I'm sure the Austin Game Conference [] (which ended a couple days ago) would be more than happy to host anyone no longer welcome at E3. Austin is a major game development hub, and the conference has a very impressive list of attendees [] .

Re:Austin Game Conference (1, Funny)

Anonymous Coward | more than 8 years ago | (#15874357)

Salutations, Visitor from the Future! How is September?

According to your linked website, AGC is September 6-8.

Re:Austin Game Conference (1)

Amouth (879122) | more than 8 years ago | (#15874382)

hot.. very freeken hot

Re:Austin Game Conference (1)

swdunlop (103066) | more than 8 years ago | (#15875195)

AGC is not only a very up and coming convention, it's also extremely frequent, with only about a month between events..

The conference in question hasn't happened yet... (1)

Svartalf (2997) | more than 8 years ago | (#15875699)

But, the conference you might have been thinking about, the Texas Independant Games Conference [] , happend a couple of weeks ago. It seems to have been a success (Couldn't afford to go, so I wouldn't have first-hand info...). The one you mention is on my list and I hope budget permits my attendance- and it's a good place for a lot of the Indies to go to, along with similar venues elsewhere. E3 was a serious timesink that tended to produce a lot of the train wrecks they tried to call games of late...

Re:The conference in question hasn't happened yet. (1)

LordNimon (85072) | more than 8 years ago | (#15876383)

No, I was thinking of the AGC. For some reason, I though this month was September.

Re:The conference in question hasn't happened yet. (1)

zratchet (761806) | more than 8 years ago | (#15893245)

It was a success and very fun. I may be biased since I'm on the advisory board, but I and many [] others [] thought so too.

Probably good for the serious little guys (0, Troll)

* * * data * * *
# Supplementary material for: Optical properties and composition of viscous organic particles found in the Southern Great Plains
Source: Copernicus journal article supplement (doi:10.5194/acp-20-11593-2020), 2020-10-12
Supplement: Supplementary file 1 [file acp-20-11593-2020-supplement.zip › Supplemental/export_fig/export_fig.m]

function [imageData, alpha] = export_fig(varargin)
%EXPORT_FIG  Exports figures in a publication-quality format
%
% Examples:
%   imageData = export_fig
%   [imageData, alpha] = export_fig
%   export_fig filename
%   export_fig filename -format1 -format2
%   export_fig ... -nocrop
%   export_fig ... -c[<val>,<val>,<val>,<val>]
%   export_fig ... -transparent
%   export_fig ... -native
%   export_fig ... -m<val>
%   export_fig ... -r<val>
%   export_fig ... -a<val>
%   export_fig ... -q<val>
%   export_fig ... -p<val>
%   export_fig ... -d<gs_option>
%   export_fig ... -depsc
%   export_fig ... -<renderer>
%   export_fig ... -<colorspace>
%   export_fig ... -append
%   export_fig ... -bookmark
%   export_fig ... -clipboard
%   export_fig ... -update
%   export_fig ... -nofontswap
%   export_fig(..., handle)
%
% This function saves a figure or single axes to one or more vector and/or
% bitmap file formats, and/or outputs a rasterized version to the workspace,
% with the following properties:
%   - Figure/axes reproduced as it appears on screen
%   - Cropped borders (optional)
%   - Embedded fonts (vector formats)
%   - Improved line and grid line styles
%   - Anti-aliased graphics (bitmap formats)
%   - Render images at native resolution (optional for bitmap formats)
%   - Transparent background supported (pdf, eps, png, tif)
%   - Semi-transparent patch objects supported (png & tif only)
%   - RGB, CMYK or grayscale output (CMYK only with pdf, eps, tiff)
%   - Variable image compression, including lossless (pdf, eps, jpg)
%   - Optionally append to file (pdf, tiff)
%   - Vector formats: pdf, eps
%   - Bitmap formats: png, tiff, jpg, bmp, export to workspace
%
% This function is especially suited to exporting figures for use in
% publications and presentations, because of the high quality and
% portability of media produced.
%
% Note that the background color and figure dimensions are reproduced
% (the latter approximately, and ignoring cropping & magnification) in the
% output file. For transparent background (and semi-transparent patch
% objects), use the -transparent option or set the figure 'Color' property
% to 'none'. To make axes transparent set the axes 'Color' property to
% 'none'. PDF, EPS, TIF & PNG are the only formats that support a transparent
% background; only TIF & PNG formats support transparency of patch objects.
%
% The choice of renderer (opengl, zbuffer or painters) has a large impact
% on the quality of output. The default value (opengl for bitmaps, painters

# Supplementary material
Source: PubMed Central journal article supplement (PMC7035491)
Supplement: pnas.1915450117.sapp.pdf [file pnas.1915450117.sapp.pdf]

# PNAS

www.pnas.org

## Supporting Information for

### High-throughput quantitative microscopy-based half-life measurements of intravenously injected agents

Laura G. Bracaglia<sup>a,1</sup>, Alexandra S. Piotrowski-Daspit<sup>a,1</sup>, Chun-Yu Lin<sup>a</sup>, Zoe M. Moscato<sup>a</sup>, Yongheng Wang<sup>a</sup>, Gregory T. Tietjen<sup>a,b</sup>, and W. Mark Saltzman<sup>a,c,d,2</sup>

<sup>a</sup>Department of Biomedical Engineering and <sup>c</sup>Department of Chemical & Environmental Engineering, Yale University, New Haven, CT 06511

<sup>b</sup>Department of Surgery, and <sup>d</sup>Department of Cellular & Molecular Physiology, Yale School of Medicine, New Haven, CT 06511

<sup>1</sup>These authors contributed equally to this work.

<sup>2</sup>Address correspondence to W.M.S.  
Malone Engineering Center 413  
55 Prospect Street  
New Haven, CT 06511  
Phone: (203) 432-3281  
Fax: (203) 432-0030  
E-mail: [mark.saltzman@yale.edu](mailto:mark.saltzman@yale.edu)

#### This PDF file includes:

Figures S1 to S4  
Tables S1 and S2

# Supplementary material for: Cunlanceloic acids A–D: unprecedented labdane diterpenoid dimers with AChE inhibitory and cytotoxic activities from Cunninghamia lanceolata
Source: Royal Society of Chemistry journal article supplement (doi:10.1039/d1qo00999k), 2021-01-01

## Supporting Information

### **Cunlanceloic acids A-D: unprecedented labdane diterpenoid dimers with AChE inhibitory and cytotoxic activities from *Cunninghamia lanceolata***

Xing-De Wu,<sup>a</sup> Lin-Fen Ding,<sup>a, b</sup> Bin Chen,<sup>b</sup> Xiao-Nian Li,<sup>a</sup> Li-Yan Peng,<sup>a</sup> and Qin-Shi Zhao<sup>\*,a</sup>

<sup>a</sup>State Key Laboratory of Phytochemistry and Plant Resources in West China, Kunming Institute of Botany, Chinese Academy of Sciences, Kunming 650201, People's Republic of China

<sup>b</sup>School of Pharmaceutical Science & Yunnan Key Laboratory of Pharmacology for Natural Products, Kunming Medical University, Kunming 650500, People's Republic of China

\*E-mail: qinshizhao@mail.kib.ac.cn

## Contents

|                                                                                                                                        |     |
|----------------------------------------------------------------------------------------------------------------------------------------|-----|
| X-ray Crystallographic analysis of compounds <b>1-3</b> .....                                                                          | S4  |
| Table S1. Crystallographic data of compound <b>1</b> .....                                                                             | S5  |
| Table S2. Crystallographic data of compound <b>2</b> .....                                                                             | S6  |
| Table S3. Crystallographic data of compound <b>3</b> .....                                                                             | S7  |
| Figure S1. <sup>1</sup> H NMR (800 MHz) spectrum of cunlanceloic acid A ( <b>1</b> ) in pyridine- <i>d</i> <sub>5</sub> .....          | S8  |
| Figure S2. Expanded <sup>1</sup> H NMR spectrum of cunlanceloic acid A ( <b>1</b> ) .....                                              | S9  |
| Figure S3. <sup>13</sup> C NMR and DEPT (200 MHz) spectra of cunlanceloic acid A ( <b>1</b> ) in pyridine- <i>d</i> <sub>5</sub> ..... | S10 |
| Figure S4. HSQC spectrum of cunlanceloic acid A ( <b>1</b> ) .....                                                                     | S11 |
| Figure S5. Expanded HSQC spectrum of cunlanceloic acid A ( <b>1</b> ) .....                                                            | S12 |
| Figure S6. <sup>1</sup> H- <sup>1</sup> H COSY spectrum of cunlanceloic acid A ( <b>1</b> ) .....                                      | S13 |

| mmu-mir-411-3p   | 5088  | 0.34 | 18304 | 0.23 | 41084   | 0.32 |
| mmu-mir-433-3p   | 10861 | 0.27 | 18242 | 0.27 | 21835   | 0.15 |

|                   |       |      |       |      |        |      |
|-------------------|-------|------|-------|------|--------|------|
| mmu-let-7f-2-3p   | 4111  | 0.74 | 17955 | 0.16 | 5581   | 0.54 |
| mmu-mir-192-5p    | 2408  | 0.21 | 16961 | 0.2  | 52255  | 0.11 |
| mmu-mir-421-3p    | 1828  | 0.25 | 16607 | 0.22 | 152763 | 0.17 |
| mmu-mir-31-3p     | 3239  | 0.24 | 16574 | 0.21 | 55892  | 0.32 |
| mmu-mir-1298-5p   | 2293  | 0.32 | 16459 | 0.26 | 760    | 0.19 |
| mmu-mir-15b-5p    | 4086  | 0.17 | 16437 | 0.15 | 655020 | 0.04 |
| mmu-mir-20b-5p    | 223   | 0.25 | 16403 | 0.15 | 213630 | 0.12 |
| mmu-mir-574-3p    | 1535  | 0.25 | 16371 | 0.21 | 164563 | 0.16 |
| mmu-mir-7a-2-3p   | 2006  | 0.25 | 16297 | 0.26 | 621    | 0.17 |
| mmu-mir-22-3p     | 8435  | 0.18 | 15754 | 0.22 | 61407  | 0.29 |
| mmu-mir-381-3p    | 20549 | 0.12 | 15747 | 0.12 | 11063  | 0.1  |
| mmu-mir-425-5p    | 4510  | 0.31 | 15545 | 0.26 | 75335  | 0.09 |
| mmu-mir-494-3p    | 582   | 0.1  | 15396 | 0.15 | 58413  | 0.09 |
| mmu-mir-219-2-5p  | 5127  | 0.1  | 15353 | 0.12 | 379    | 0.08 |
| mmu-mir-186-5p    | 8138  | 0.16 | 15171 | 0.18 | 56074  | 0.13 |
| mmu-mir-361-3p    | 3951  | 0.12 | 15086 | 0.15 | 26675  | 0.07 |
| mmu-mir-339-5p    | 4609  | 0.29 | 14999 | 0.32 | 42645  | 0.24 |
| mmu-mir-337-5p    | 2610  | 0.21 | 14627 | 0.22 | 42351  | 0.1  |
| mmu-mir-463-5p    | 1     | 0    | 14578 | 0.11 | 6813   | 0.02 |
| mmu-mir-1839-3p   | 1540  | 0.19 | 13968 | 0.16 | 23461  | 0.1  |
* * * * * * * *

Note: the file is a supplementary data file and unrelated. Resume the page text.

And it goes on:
gabebear (251933) | more than 8 years ago | (#15874951)

I've never been to E3, but it looks like Kentia Hall was filled with lots of utter crap, with people hocking ancient hardware and "as seen on TV" crap. While it may have made the show more fun, it also distracted from the primary purpose of E3; to let people in the industry meet and talk. It will be more expensive to get a both at E3 now, but that does mean you will be taken more seriously.

Re:Probably good for the serious little guys (2, Informative)

murphball (948933) | more than 8 years ago | (#15875468)

Woah, hold on there a second. Sure, some of the stuff in Kentia Hall was crap as you call it, but for the most part, the smaller publishers down there put on a much better show than the big guys upstairs. That is, if you were in it to learn more about upcoming games and not stroll through some overly expensive booth with nothing to see but flashy demos, etc.

It was the people who were in Kentia Hall who actually did E3 right, it was already a more intimate atmosphere down there where people could easily meet and talk without interruption from the noise levels from upstairs...

Re:Probably good for the serious little guys (1, Insightful)

Anonymous Coward | more than 8 years ago | (#15875720)

Sure, some of the stuff in Kentia Hall was crap as you call it

About 90% of it.

Theodore Sturgeon

Re:Probably good for the serious little guys (1, Insightful)

Anonymous Coward | more than 8 years ago | (#15878629)

"... it also distracted from the primary purpose of E3; to let people in the industry meet and talk."

Wrong. The purpose of E3 was for retailers to form decisions on what to stock in the year (and Xmas season) to follow. Media exposure was a secondary "benefit".

By downsizing they are basically saying they want to go back to this being for retailers, and cut out all the gamers who got in with fake business cards and what-not.

Alternate events (1)

Guspaz (556486) | more than 8 years ago | (#15875703)

It's not like E3 is leaving a big gap. There are alternate events such as the Penny Arcade Expo, which with the demise of E3, is now the largest gaming related event in North America. Many of the big companies like Nintendo and Microsoft take part, with playable demos of unreleased products, and there's certainly room for the little guys.

Missing the point (1)

PhoenixOne (674466) | more than 8 years ago | (#15890258)

Most companies don't go to E3 to connect to their users. They go to get investers or big-chain stores interested in their products and to get press coverage.

PAX is for gamers, it isn't set up to be a sales event (and, as a gamer, I hope it never will).